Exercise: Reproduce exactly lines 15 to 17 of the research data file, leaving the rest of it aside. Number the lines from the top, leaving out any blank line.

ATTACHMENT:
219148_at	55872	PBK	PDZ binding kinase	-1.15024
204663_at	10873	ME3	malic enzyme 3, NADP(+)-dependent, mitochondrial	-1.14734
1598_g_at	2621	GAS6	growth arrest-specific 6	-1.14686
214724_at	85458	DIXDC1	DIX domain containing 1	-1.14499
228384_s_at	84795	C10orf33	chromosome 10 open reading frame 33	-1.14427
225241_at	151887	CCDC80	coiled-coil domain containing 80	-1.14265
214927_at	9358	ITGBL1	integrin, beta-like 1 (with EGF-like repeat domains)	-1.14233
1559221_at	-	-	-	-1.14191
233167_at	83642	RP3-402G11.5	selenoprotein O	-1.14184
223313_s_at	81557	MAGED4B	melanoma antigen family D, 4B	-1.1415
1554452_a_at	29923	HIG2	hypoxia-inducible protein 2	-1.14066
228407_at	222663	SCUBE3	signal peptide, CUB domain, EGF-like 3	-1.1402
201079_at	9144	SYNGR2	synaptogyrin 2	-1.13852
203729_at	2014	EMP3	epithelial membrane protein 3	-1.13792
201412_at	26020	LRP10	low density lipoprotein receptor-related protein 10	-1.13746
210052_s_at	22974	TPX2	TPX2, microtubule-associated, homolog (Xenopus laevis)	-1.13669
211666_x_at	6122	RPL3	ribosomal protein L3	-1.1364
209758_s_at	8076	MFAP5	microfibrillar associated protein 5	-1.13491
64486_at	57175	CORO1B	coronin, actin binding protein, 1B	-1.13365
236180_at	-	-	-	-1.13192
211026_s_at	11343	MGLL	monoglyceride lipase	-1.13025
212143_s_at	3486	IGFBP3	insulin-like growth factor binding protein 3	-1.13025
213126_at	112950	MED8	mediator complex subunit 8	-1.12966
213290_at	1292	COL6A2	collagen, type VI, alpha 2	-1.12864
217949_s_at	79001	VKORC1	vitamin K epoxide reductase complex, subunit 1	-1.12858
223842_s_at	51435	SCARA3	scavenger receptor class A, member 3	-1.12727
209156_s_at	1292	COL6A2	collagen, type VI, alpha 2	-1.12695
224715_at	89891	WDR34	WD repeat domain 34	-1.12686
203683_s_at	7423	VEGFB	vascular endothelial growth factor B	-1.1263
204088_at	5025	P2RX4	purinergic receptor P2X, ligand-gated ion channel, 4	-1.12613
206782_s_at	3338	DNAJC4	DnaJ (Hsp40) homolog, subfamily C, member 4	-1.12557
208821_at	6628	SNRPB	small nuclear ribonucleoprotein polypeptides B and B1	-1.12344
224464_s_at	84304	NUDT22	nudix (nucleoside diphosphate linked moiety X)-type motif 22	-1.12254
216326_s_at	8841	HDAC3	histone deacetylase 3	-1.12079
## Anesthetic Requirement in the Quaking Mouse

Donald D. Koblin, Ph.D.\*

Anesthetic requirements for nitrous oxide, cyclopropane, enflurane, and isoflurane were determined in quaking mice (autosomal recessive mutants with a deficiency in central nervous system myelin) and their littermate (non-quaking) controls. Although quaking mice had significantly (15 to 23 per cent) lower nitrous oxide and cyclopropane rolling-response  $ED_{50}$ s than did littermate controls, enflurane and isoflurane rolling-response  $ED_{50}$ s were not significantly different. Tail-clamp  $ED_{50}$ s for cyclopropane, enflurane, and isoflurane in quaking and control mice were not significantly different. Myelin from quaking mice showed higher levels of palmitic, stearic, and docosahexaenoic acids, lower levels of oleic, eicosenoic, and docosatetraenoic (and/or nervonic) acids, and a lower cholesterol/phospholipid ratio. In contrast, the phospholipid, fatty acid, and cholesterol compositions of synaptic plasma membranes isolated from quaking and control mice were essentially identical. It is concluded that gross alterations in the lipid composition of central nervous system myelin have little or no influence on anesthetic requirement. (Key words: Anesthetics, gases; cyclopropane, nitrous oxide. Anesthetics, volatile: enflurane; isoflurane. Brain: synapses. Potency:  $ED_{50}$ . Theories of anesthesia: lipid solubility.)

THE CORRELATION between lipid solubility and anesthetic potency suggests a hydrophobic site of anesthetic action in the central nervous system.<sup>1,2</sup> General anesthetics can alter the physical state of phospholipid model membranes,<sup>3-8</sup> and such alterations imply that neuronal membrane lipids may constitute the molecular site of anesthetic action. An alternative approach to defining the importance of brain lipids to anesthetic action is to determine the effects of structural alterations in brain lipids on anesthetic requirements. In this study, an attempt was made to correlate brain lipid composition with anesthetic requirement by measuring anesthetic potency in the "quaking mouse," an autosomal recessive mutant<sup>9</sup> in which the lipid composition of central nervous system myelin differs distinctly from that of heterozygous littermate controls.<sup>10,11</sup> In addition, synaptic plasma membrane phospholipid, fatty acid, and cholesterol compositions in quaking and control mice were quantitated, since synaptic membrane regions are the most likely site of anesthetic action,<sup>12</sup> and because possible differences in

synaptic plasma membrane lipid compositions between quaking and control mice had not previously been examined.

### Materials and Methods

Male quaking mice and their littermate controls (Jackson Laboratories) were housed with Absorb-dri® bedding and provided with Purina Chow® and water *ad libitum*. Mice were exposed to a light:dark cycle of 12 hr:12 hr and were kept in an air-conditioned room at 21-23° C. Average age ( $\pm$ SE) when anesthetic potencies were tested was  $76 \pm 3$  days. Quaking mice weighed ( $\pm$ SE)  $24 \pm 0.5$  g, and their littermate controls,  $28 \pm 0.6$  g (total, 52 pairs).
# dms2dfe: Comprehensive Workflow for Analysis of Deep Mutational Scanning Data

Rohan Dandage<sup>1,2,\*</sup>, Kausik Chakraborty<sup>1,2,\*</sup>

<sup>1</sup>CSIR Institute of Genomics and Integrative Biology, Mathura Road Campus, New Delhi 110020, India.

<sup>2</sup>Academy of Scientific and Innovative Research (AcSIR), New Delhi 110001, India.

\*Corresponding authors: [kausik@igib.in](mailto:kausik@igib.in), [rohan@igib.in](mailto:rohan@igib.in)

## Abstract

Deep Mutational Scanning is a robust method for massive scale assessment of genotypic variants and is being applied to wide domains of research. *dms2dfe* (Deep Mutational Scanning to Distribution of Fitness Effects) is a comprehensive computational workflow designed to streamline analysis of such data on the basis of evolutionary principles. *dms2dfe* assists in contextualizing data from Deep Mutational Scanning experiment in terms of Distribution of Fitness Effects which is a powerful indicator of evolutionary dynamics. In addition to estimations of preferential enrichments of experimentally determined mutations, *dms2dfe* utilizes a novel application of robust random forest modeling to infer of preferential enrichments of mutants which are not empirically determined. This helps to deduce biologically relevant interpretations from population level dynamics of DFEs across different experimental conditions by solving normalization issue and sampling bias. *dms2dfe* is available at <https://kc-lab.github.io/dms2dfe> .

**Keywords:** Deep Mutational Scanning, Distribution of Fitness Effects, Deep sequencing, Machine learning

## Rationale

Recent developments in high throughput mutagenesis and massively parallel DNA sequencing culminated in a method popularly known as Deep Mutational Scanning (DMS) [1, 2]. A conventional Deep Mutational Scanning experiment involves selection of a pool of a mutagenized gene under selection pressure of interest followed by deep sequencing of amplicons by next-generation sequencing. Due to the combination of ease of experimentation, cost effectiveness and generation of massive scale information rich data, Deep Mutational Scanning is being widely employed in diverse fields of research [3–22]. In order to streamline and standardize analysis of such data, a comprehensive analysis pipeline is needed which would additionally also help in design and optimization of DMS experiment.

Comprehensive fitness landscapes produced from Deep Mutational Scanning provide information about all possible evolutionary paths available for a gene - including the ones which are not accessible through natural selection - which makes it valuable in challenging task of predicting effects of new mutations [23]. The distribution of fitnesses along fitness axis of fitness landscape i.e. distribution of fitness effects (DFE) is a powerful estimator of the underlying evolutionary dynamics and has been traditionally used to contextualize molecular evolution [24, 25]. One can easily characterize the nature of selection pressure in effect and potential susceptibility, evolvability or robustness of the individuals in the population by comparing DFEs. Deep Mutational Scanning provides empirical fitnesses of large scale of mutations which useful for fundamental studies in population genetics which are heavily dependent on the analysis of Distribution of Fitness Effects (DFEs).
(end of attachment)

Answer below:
201412_at	26020	LRP10	low density lipoprotein receptor-related protein 10	-1.13746
210052_s_at	22974	TPX2	TPX2, microtubule-associated, homolog (Xenopus laevis)	-1.13669
211666_x_at	6122	RPL3	ribosomal protein L3	-1.1364